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Shopping for a safer car

If you’re like most people shopping for a new car, safety ranks high among things you’re looking for. Every new car must meet certain federal safety standards, but that doesn’t mean that all cars are equally safe. There are still important safety differences. Many automakers offer safety features beyond the required federal minimums. The following safety features should be considered when purchasing a car.

Crashworthiness
These features reduce the risk of death or serious injury when a crash occurs. You can get a rating of crashworthiness from the Insurance Institute for Highway Safety’s website at http://www.highwaysafety.org.

Vehicle structural design
A good structural design has a strong occupant compartment, known as the safety cage, as well as front and rear ends designed to buckle and bend in a crash to absorb the force of a crash. These crush zones should keep damage away from the safety cage because once the cage starts to collapse, the likelihood of injury increases rapidly.

Vehicle size and weight
The laws of physics dictate that larger and heavier cars are safer than lighter and smaller ones. Small cars have twice as many occupant deaths each year as large cars.

Restraint systems
Seatbelts, air bags and head restraints all work together with a vehicle’s structure to protect people in serious crashes. Lap/shoulder belts hold you in place, reducing the chance you’ll slam into something hard or get ejected from the vehicle.

  • Air bags and lap/shoulder belts together are very effective. The greatest risk of injury from an inflating airbag is if you’re on top of, or very close to, an air bag when it starts to inflate. Choose a car that allows you to reach the gas and brake pedals comfortably without sitting too close to the steering wheel.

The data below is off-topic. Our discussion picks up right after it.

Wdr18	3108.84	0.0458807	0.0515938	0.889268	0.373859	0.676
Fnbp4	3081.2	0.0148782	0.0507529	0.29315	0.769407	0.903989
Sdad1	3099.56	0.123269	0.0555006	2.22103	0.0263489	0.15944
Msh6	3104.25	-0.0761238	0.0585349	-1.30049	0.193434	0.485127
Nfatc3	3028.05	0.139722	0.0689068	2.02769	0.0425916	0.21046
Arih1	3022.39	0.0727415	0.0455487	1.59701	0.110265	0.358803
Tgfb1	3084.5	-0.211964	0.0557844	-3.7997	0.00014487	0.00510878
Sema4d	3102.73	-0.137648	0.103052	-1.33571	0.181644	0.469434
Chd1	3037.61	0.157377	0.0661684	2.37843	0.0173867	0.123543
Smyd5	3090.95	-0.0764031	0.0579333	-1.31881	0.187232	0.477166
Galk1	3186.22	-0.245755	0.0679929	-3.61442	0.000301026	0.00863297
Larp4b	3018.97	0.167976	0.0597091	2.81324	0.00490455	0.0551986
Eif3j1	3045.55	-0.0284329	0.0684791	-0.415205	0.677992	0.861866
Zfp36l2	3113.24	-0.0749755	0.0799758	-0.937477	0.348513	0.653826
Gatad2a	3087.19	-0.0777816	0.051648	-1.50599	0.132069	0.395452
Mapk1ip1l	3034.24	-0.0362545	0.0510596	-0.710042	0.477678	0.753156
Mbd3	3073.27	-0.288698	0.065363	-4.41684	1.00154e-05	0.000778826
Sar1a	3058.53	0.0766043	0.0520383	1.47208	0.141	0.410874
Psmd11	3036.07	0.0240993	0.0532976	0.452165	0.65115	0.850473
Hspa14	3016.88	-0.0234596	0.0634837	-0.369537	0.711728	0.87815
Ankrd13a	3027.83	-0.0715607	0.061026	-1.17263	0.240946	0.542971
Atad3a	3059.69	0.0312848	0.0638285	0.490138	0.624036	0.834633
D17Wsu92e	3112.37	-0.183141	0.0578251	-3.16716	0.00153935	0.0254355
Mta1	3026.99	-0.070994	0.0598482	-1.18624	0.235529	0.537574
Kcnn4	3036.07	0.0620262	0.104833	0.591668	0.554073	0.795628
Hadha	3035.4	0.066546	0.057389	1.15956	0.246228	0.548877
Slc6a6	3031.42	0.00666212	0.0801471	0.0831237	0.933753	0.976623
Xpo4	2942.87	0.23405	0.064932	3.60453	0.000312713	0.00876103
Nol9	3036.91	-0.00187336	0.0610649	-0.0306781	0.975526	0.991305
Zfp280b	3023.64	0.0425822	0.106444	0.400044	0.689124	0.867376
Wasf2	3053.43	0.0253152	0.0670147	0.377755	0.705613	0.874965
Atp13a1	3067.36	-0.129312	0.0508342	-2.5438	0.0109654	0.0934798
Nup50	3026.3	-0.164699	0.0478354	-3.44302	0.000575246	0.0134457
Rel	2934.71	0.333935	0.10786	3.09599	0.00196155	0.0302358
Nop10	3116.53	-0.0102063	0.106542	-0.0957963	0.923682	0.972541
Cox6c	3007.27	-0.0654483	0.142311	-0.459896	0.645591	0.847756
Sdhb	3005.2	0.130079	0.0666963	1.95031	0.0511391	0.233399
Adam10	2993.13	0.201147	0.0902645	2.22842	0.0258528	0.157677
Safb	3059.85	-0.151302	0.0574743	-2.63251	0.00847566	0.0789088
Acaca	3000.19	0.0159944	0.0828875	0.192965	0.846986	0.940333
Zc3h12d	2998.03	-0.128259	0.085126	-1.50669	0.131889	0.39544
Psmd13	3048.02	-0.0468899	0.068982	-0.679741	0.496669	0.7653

• Side air bags are designed principally to protect your chest. They may also keep your head from hitting interior or intruding structures.
  • Head restraints are required in front seats of all new passenger cars to keep your head from being snapped back and injuring your neck in a rear-end crash. To prevent neck injury, a head restraint has to be directly behind and close to the back of your head. Look for cars that have this type of restraint. If the restraints are adjustable, make sure they can be locked into place.

Anti-lock brakes
When you brake hard with conventional brakes, the wheels may lock and cause skidding and a lack of control. Anti-lock brakes pump brakes automatically many times a second to prevent lockup and allow you to keep control of the car. If you were trained to brake gently on slippery roads or pump your brakes to avoid a skid, you may need to learn new habits and use hard, continuous pressure to activate your anti-lock brakes. Anti-lock brakes may help you keep steering control, but they won’t necessarily help you stop more quickly.

Daytime running lights
The ignition switch activates these lights. They are typically high-beam headlights at reduced intensity or low-beam lights at full or reduced power. By increasing the contrast between vehicles and their backgrounds, and making the vehicle more visible to oncoming drivers, these lights can prevent daytime accidents.

Source: Insurance Information Institute

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